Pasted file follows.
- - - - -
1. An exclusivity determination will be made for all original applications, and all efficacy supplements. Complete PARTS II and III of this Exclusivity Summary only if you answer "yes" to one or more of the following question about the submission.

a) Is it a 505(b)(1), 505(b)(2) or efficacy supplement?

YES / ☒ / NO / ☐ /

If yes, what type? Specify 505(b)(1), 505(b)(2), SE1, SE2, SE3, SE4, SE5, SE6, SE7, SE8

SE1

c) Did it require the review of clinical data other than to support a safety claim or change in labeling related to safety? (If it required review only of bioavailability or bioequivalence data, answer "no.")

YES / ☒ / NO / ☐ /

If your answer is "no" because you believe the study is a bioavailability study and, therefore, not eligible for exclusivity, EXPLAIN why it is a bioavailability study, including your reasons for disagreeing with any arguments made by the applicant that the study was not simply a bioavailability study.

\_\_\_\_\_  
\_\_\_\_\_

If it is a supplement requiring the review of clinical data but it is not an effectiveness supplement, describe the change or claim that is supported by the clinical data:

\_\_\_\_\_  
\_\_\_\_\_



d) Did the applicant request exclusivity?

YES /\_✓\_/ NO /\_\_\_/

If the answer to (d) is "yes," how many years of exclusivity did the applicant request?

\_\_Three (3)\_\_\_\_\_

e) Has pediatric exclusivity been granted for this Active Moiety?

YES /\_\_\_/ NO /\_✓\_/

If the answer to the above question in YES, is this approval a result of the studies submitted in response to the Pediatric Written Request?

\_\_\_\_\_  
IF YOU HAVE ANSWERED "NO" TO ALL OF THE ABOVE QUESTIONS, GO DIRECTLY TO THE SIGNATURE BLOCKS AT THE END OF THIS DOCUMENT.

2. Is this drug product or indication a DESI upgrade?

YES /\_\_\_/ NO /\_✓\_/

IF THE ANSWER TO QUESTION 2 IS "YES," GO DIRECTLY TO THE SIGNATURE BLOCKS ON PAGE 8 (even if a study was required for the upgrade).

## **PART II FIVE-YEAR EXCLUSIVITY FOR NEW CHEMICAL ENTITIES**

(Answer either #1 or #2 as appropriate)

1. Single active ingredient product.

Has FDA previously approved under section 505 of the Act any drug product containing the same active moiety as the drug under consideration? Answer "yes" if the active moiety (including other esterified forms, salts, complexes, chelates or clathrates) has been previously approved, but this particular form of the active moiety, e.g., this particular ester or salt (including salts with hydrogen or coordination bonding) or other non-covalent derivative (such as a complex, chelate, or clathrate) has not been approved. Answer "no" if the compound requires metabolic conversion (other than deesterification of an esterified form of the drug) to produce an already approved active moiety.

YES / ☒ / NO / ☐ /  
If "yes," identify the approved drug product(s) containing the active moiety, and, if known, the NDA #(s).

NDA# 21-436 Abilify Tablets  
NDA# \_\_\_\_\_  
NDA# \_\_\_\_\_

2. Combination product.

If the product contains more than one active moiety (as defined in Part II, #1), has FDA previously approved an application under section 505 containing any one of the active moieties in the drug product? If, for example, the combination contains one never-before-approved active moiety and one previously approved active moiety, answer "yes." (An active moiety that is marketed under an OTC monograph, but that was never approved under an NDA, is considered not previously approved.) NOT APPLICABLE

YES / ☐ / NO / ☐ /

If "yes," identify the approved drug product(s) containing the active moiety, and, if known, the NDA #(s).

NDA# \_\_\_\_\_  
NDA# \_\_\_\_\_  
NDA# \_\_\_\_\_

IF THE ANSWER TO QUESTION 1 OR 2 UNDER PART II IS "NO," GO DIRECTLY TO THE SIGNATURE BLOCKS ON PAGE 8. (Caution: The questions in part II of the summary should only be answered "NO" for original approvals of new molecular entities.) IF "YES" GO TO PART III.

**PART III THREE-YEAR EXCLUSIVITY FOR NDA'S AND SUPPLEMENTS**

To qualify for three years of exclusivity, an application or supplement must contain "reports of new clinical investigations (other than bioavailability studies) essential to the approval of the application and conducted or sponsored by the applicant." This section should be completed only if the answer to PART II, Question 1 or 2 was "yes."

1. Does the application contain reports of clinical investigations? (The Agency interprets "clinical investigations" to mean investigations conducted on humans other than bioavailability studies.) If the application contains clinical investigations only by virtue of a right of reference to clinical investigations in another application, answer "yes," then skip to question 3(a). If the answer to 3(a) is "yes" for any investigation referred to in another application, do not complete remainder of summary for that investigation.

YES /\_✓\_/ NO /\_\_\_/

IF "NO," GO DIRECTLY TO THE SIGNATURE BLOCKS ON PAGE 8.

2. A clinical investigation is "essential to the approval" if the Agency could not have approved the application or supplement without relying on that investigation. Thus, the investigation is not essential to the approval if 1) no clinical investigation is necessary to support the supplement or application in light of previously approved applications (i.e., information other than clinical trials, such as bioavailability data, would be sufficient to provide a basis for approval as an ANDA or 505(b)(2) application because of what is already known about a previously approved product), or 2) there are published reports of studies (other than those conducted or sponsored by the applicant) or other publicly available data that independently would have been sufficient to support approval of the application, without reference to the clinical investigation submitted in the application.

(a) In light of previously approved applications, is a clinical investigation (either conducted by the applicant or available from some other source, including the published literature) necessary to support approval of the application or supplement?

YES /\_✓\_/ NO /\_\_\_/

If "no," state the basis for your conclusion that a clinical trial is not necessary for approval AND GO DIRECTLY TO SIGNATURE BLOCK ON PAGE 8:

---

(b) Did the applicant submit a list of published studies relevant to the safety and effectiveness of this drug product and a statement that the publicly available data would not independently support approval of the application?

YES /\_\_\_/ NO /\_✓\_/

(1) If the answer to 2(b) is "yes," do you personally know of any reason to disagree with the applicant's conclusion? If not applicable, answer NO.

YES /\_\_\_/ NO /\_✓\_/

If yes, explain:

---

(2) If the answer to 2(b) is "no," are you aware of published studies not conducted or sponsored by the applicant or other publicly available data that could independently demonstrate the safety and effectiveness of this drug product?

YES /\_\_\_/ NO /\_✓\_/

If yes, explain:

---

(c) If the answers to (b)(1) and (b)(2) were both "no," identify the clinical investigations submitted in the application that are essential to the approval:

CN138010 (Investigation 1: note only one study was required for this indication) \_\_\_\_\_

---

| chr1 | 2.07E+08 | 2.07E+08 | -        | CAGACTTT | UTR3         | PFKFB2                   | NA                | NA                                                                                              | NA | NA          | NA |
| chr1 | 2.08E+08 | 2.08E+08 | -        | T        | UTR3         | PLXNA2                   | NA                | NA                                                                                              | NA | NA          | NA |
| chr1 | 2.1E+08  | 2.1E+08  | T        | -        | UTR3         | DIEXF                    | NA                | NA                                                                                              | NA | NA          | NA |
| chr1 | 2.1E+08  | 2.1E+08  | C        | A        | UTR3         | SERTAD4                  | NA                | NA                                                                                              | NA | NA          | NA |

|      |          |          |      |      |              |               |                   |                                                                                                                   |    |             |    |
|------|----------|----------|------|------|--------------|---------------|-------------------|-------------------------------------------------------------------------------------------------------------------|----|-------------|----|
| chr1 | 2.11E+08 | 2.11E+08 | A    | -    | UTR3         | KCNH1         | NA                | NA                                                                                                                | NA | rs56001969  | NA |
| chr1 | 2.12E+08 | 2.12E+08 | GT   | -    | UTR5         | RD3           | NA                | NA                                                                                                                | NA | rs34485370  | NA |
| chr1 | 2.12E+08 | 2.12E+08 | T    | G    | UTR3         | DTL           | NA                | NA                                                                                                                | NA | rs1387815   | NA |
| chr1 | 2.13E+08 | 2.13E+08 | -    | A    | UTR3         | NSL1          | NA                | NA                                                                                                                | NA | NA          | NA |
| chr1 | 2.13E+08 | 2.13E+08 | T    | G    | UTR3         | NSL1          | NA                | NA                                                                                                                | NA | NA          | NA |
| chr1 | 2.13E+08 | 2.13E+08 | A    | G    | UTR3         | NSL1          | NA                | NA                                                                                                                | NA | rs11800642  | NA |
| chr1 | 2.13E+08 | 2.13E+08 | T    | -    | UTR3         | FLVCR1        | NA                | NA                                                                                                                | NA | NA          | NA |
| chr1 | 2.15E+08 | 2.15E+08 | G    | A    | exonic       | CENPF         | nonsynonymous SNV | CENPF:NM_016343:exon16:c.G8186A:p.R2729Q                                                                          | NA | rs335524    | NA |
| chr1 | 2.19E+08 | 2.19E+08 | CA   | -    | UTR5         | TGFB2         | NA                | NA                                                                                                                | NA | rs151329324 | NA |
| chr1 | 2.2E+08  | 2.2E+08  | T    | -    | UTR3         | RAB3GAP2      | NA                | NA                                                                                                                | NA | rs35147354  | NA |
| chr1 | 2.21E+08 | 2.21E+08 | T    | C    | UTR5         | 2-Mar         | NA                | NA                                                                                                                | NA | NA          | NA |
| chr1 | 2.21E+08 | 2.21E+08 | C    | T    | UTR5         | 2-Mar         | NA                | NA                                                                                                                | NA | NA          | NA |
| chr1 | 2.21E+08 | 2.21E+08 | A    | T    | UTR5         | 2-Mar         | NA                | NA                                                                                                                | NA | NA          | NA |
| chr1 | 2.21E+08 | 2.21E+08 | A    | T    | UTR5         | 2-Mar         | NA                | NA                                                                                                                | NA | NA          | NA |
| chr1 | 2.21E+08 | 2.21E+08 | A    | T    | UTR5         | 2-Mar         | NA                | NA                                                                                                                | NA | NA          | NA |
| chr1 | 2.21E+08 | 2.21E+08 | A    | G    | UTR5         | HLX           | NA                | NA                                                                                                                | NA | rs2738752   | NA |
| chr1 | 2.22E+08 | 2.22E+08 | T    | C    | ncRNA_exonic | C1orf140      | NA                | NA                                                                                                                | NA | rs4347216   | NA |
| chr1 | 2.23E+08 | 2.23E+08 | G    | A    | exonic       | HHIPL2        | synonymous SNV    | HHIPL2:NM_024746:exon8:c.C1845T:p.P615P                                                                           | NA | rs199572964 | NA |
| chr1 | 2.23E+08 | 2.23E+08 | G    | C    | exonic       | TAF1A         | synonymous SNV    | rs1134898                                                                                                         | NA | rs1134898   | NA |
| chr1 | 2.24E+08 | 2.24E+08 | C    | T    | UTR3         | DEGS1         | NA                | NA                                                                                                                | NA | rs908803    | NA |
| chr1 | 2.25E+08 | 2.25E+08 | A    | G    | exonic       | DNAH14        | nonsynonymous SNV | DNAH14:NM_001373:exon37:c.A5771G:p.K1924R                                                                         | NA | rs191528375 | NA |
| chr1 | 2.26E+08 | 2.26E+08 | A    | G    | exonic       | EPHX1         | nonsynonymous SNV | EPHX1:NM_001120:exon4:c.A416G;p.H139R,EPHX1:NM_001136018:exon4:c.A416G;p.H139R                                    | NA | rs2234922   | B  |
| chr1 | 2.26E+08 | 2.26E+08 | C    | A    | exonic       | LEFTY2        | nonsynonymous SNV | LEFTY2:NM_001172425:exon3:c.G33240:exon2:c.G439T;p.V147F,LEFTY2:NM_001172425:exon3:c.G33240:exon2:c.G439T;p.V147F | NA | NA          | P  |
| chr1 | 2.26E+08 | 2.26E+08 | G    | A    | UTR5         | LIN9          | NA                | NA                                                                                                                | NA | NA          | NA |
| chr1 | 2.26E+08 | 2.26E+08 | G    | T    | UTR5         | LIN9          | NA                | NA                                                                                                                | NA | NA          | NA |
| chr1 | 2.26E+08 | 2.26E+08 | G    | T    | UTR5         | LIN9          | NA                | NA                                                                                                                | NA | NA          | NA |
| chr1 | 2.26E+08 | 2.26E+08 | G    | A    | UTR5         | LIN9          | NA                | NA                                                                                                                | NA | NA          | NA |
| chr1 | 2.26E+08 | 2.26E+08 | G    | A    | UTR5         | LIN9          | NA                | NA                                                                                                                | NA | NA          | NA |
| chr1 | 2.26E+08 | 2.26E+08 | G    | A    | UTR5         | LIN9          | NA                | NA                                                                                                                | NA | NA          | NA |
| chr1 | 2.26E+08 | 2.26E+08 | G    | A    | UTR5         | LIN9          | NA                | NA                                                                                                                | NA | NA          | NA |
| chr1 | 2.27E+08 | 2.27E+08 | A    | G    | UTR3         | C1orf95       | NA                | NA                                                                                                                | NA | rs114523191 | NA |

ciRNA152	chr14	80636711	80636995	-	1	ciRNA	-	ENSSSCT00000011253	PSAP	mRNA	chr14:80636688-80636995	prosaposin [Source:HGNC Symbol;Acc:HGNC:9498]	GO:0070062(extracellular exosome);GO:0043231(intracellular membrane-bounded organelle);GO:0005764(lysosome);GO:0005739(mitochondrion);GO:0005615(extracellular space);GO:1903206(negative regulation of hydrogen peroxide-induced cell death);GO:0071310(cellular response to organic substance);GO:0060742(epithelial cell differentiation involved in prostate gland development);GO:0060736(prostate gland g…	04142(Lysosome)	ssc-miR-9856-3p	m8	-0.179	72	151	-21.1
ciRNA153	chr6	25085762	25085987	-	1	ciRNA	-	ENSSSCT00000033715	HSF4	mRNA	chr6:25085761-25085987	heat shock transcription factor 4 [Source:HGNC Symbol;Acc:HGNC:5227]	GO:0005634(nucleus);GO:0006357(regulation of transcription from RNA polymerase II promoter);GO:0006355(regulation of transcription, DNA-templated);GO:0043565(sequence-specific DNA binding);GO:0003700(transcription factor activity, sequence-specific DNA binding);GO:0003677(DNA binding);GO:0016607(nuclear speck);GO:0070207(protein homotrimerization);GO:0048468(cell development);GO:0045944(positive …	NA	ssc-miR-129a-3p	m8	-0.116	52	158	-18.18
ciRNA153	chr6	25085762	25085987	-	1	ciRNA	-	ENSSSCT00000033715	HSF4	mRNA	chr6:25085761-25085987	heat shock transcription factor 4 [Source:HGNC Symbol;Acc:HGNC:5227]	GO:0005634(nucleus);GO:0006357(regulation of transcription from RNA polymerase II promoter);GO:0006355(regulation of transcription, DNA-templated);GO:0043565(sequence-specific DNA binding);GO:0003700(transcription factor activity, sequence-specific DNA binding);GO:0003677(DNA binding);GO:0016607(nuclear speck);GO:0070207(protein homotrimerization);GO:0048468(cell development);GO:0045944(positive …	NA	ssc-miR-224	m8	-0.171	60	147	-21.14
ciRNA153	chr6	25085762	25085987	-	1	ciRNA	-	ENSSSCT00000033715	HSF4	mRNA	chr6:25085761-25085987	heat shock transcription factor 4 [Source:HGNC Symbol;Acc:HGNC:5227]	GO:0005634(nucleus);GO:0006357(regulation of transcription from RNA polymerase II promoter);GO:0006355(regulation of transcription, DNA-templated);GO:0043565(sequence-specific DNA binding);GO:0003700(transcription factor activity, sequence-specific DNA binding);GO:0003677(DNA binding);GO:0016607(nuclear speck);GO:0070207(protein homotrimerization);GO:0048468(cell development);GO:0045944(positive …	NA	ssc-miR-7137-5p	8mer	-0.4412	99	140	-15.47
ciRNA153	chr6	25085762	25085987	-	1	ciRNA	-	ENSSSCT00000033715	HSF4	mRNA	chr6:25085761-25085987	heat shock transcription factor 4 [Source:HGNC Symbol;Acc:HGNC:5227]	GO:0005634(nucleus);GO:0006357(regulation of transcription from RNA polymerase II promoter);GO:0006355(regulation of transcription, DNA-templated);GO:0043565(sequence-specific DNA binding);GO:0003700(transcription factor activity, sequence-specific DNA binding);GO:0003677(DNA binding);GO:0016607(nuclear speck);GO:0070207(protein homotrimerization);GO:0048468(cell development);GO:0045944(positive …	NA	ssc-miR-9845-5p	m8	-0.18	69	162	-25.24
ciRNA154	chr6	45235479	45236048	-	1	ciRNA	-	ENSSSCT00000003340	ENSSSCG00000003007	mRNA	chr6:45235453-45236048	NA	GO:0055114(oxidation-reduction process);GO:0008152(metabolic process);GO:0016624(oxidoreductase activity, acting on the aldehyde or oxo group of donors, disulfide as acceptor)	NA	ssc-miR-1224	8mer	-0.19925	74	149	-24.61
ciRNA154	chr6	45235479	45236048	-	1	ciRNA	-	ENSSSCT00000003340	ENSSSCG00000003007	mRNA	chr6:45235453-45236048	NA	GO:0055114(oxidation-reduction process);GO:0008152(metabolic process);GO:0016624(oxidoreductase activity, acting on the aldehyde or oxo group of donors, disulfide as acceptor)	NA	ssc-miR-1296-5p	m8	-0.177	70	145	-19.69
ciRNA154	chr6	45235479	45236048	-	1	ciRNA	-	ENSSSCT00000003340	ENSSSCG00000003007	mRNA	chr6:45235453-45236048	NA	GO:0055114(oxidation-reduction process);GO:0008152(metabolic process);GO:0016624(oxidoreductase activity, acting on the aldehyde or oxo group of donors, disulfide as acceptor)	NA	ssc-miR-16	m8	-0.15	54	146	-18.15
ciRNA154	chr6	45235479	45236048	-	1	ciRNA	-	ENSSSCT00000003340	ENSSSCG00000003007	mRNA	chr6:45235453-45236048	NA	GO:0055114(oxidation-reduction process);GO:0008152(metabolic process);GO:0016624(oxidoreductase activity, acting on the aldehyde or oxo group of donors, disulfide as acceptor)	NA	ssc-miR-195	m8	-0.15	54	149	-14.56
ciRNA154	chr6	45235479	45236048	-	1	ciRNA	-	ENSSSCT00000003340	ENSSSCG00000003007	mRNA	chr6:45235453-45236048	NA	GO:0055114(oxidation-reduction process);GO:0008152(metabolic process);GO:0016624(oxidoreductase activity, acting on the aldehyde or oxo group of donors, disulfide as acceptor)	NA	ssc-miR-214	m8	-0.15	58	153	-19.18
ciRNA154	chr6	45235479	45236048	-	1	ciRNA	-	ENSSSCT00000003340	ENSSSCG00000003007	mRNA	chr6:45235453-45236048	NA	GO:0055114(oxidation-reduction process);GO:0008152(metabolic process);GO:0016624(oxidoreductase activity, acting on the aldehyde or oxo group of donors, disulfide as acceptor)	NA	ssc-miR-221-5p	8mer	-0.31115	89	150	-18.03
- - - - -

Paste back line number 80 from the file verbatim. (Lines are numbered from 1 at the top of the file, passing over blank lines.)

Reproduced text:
| chr1 | 2.19E+08 | 2.19E+08 | CA   | -    | UTR5         | TGFB2         | NA                | NA                                                                                                                | NA | rs151329324 | NA |